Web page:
California Expungement

Expungement is a legal process that allows a conviction or plea of either Guilty or No Contest in a criminal case to be set aside and the case dismissed. Having a criminal record can hurt your chances for a new job, a better life, and it stays with you wherever you go. An expungement will clear your criminal record, effectively giving you a second chance. Once a record has been expunged, the defendant is relieved of certain penalties and disabilities that result from a criminal action, such as having to divulge a criminal record on employment applications or in other similar situations. Once a felony or misdemeanor conviction is expunged, a prospective employer is barred from using it against you in hiring decisions…or even asking you about it in the interview, for that matter.

As a basic rule, a person is entitled to expunge their criminal records in California if convicted of a misdemeanor or felony offense, and they:

  1. Successfully completed probation, and
  2. Are not currently charged with a criminal offense, on probation for a criminal offense or serving a sentence for a criminal offense.

Successful completion of probation: The person must have successfully completed their probation. If a person was sent to a California State prison, either at the time of judgment, or because of a probation violation, they do not qualify for an expungement. “Successfully completing your probation” means that:

  1. All the terms of probation (payment of all fines and restitution, completion of mandated counseling programs, community service, etc.) have been performed.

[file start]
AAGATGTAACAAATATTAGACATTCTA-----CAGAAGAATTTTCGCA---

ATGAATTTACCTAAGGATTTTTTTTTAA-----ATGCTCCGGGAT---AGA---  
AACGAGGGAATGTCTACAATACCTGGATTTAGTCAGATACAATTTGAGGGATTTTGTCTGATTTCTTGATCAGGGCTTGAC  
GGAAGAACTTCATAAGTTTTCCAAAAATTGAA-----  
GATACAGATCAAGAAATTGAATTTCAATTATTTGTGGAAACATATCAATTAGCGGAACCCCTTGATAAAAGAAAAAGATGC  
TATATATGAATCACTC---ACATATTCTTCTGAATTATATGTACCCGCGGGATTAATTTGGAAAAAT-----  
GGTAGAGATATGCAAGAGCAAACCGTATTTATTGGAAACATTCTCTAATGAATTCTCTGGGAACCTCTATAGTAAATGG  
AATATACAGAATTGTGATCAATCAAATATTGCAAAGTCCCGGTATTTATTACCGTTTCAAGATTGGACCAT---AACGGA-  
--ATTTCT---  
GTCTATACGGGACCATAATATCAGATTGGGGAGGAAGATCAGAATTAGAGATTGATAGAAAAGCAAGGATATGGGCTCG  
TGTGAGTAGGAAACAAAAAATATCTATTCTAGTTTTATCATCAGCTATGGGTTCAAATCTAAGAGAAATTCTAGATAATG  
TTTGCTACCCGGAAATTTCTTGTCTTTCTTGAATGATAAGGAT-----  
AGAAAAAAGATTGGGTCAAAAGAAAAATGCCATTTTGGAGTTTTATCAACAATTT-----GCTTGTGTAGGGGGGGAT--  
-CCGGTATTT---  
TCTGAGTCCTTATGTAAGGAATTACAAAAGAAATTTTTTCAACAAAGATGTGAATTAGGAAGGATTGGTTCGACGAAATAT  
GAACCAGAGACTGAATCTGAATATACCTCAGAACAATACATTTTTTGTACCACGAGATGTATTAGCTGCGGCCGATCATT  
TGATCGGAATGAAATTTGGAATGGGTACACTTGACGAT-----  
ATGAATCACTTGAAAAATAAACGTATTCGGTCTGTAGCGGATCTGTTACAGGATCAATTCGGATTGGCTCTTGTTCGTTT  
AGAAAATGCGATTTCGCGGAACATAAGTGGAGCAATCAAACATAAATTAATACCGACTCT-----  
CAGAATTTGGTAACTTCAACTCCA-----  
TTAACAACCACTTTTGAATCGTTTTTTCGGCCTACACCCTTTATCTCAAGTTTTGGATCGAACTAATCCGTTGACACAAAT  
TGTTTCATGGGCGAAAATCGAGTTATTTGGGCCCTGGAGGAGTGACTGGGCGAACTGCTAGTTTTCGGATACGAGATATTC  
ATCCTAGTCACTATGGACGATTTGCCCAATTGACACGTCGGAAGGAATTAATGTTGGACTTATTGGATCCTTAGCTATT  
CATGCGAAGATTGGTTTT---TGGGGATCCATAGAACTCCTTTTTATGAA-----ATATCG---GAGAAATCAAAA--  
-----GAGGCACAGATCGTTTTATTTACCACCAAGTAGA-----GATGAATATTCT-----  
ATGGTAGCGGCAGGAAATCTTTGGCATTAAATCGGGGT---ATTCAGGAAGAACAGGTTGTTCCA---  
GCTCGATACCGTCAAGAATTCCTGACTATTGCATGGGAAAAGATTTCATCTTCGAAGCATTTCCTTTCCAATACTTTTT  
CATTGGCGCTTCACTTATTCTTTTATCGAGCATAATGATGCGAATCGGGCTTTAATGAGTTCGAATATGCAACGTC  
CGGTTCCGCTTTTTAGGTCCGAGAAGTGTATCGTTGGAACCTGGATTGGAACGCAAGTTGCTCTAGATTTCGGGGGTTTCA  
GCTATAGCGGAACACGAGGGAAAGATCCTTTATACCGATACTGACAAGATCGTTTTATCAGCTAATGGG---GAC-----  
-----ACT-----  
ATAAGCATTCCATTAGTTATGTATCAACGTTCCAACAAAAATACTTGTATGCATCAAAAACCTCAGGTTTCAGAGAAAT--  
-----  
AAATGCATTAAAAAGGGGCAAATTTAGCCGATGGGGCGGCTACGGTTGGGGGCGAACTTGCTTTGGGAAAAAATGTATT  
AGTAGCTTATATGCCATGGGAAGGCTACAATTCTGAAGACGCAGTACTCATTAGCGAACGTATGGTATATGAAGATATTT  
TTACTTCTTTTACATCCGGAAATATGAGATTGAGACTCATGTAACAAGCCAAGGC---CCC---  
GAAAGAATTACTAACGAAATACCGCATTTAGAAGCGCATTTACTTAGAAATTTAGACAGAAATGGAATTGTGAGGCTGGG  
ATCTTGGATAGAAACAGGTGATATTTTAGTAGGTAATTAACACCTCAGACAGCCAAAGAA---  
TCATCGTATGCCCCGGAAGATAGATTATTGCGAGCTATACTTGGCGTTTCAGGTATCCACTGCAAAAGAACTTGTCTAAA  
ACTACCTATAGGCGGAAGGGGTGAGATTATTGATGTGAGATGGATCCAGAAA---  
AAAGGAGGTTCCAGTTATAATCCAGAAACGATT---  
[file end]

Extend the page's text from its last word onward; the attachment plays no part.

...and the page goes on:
2. All required court appearances were attended, and
  3. No new crimes were committed while on probation.
A conviction cannot be expunged if the person was sent to state prison. There are also certain criminal offenses in California that cannot be expunged. These include serious sex offenses committed against children, such as:

  • Penal Code 286(c) PC – California’s law against sodomy with a child
  • Penal Code 288 PC – California’s law against lewd acts with a child
  • Penal Code 288(a)(c) PC – California’s law against oral copulation with a child, and
  • Penal Code 261.5(d) PC – California’s statutory rape law which prohibits sexual intercourse between persons who are 21 years and older with persons younger than 16.
California Penal Code 17(b) PC establishes two requirements for reducing a felony conviction to a misdemeanor:

  1. The underlying offense must be classified as an offense that can be charged and punished as either a felony or a misdemeanor), and
  2. Probation must have been granted.

The list of offenses that can be charged as either a felony or misdemeanor includes crimes under:

  • Penal Code 459 PC – California’s burglary law,
  • Penal Code 245(a)(1) PC – California’s “Assault with a Deadly Weapon” (ADW) law
  • Penal Code 422 PC – California’s criminal threats law
  • Penal Code 273.5 PC – California’s spousal battery law
  • Many California sex crimes (including Penal Code 243.4 PC sexual battery and Penal Code 288 PC lewd acts with a minor), and
  • Most California fraud charges.

Only these types of felonies may be reduced to misdemeanors. Crimes that can only be prosecuted as felonies are not eligible for a misdemeanor reduction.

The second requirement is that probation must have been granted in connection with the felony conviction. If the court denied probation (or probation was violated), and the sentence included time served in the California State Prison, a reduction of the crime from a felony to a misdemeanor cannot be obtained. Serving time in a county jail is okay and does not affect eligibility.

In order for a felony conviction to be reduced to a misdemeanor, both of these requirements must be satisfied.

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Expungement ServicesPrice
California Expungements$299
Felony to Misdemeanor reduction$299